After reading a history of Bell Labs, I took a slight detour in my reading list. First, I read about half of an introduction to information theory, then sort of bailed when I got to calculating the information entropy of continuous variables and jumped to a lighter history of cryptography called The Code Book: The Science of Secrecy from Ancient Egypt to Quantum Cryptography by Simon Singh.

In a relatively-breezy 432 pages, Singh takes us from ancient Roman and Egyptian ciphers all the way to RSA/PGP and quantum cryptography. We get a brief lesson on how Linear B was deciphered, as well as a pretty in-depth explanation of what Turing and co. did at Bletchley Park with the Enigma machine during World War II.

First of all Singh was good at giving just enough historical context to these code-making and code-breaking techniques to keep me interested– the history of cryptography seems to be a war between code-makers and code-breakers. Poor Mary Queen of Scots! But of course each stop of the historical school bus includes a well-balanced technical explanation of what made the new technique (making or breaking) work the way it did.

This includes the revelation of public key encryption, and almost immediately afterward the mathematical system of encryption known as RSA. Singh explains that the engine that powers RSA encryption is two “one-way” mathematical functions, one involving the modulus operator and the other involving multiplying two prime numbers. A “one-way” mathematical function is one that is easy to do in one direction, but very difficult to do in the reverse direction. A common real-world example is mixing two colors of paint (see below).

I won’t get into too many of the details– I’m certainly no expert, I just read a book–, but I believe this book is super useful today, even if you’re not interested in cryptography. It is essentially a chronicle of ideas thought to be perfect or unbreakable, only to be challenged and broken through unconventional thinking, usually by an outsider.

When Singh would describe a new code-making technique, the Enigma for example, I found myself in awe of the design and having no idea how anyone would break it, until I read the next section. One interesting theory Singh puts forward is that code-breaking may require an intense sense of life-or-death urgency. His main example is the Polish code-breakers who, sandwiched between Russia and Nazi Germany, began to crack Enigma in the 1930s (BBC, some website) before Bletchley and Turing made their advances against the infamous German encryption system.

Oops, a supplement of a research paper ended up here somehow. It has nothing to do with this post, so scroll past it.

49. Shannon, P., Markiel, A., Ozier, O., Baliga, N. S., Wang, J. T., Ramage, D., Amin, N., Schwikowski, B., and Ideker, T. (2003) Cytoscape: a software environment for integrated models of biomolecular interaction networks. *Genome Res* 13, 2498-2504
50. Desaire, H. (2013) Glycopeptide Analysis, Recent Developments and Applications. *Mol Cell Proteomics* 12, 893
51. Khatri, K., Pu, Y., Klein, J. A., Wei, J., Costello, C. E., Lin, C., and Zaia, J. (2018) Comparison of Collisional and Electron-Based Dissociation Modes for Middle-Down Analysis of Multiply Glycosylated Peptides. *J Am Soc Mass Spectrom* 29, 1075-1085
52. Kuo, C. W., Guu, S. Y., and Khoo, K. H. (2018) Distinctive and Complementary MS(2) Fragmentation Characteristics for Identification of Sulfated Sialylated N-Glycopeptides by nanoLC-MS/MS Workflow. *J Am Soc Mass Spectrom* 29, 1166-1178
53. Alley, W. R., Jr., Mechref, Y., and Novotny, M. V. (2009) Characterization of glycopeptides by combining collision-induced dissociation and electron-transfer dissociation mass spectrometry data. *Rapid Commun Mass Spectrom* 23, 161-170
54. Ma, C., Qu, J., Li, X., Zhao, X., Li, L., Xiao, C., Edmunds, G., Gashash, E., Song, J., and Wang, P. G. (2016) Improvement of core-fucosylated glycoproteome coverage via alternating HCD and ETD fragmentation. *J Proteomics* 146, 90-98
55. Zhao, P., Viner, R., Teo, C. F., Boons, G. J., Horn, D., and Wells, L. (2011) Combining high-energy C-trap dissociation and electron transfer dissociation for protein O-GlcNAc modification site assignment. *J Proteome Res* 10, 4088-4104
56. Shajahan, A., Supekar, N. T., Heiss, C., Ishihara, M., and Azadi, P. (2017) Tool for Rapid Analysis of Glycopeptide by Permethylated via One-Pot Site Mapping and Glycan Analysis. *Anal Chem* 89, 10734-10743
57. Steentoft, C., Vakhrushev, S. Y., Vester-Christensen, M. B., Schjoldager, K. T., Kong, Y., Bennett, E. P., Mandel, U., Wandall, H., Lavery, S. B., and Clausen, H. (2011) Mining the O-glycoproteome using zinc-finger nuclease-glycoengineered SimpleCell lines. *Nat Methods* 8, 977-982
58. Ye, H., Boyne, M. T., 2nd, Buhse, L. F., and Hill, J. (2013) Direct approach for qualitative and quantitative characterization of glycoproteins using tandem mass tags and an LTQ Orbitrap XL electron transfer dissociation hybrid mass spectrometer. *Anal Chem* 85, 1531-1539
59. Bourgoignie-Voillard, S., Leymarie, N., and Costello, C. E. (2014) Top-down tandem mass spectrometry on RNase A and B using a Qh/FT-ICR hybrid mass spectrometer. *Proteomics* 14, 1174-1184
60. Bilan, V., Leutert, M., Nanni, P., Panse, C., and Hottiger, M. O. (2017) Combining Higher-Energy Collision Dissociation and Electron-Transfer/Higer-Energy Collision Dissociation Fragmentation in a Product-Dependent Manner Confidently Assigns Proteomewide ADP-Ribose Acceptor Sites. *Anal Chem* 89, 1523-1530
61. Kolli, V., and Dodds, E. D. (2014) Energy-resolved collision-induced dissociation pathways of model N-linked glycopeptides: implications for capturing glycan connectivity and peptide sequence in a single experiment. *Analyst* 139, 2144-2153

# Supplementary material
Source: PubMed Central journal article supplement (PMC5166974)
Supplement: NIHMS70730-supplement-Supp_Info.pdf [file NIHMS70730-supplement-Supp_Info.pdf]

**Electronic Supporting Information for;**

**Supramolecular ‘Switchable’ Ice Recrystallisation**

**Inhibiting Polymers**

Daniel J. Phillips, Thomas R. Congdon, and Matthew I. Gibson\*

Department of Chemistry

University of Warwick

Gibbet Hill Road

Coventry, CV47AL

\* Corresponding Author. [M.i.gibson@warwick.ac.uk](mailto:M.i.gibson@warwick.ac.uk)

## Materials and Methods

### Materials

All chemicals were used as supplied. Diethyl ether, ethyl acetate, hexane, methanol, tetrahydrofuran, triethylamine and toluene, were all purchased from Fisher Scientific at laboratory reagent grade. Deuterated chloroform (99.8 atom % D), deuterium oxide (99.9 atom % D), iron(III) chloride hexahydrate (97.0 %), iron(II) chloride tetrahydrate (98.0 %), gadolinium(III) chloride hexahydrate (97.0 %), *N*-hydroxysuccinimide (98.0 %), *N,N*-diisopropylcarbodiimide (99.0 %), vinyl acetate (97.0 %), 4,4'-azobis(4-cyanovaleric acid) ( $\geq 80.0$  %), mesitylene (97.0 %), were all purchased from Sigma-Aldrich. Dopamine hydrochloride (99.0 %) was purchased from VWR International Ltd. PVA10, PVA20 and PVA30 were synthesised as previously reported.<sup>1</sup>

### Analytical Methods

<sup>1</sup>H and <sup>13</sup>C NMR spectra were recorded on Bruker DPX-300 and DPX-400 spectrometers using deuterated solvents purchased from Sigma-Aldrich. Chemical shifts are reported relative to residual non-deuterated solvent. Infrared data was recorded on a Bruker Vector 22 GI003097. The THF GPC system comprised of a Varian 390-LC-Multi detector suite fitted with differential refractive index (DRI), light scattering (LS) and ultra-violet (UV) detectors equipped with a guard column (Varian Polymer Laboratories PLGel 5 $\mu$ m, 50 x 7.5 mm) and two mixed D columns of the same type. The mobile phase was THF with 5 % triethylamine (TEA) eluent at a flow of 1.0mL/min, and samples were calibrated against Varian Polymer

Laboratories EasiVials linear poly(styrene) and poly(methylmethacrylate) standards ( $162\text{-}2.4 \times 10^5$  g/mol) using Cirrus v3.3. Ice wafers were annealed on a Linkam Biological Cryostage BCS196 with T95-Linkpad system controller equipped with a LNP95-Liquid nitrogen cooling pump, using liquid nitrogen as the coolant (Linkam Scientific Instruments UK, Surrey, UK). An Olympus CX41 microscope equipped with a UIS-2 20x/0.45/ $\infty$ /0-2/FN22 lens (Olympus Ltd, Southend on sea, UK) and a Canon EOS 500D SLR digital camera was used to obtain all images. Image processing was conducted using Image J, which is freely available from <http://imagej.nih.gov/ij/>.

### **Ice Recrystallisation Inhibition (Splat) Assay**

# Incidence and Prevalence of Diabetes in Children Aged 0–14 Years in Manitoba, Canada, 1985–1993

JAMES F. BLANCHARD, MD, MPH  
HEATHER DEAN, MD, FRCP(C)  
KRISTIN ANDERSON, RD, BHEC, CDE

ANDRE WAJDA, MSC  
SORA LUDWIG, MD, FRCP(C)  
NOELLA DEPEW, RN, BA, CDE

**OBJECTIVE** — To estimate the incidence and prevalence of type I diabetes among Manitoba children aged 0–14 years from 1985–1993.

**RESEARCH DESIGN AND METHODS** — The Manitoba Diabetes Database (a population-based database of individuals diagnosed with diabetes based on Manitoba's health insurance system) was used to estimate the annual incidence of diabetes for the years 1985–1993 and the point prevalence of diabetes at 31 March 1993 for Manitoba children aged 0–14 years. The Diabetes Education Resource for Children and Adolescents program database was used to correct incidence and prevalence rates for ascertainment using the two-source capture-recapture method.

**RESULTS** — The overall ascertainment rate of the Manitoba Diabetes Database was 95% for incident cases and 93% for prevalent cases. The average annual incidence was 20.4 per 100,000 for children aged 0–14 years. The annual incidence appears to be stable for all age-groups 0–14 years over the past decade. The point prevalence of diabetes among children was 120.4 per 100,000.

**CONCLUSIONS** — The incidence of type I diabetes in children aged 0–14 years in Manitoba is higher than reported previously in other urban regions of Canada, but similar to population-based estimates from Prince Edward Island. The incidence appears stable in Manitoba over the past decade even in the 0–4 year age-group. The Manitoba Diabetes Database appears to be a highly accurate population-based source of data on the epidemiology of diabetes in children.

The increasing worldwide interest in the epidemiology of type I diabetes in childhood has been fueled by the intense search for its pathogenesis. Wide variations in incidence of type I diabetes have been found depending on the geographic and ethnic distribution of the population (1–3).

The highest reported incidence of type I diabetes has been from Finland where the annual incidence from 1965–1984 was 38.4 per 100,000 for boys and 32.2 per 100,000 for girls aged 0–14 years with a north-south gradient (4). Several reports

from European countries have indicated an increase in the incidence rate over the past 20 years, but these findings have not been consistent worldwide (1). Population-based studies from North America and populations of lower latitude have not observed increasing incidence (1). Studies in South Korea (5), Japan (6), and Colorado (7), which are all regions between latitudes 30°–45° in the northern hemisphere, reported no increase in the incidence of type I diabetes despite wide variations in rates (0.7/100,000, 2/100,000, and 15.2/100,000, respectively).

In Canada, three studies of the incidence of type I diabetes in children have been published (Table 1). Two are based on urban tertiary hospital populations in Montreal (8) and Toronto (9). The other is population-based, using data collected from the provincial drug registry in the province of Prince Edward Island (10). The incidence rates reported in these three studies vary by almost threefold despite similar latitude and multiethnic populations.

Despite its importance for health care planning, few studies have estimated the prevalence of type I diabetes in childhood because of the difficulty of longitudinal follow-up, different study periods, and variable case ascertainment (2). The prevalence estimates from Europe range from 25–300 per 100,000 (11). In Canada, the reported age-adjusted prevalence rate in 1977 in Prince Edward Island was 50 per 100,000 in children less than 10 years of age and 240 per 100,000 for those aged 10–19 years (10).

Another fun story is how Whitfield Diffie and Martin Hellman thought up asymmetric-key cryptography, known as Diffie-Hellman key exchange. The problem for code-makers at that time (1970s) was that every system seemed to rely on two parties sharing a secret key before any communication could begin. If all of your communication to this other party is monitored, how can you convey a secret key to them?

Singh relates one idea Diffie, Hellman, and Ralph Merkle tossed around before nailing the idea. Let’s say “Alice” and “Bob” are trying to communicate by mail, but “Eve” is trying to eavesdrop, opening any mail she can. Alice could put a lock on a safe and mail it to Bob, but Bob wouldn’t be able to open it without a key, which, if Alice sent by mail first, Eve could copy it. Huh.

One idea is to have Alice put her lock on the box, mail it to Bob, then have Bob put his lock on the box and mail it back to Alice. Then when Alice gets the box, she simply removes her lock with her key, and mails it back to Bob. At no point Eve can open the box when it’s intercepted.

There are a few more concepts needed to take us to the Diffie-Hellman key exchange– including one involving paint described in the image below– but I thought that mail one was damn clever. I think it’s an example of the kind of outside-the-box thinking that can solve seemingly difficult problems.

paint colors as secret key exchange

This system of exchanging a secret enabled RSA encryption and PGP software, which I wrote about previously. Briefly, it works because encrypting keys and decrypting keys are different (asymmetric), so we can make our encrypting key very public while keeping our decrypting key very private.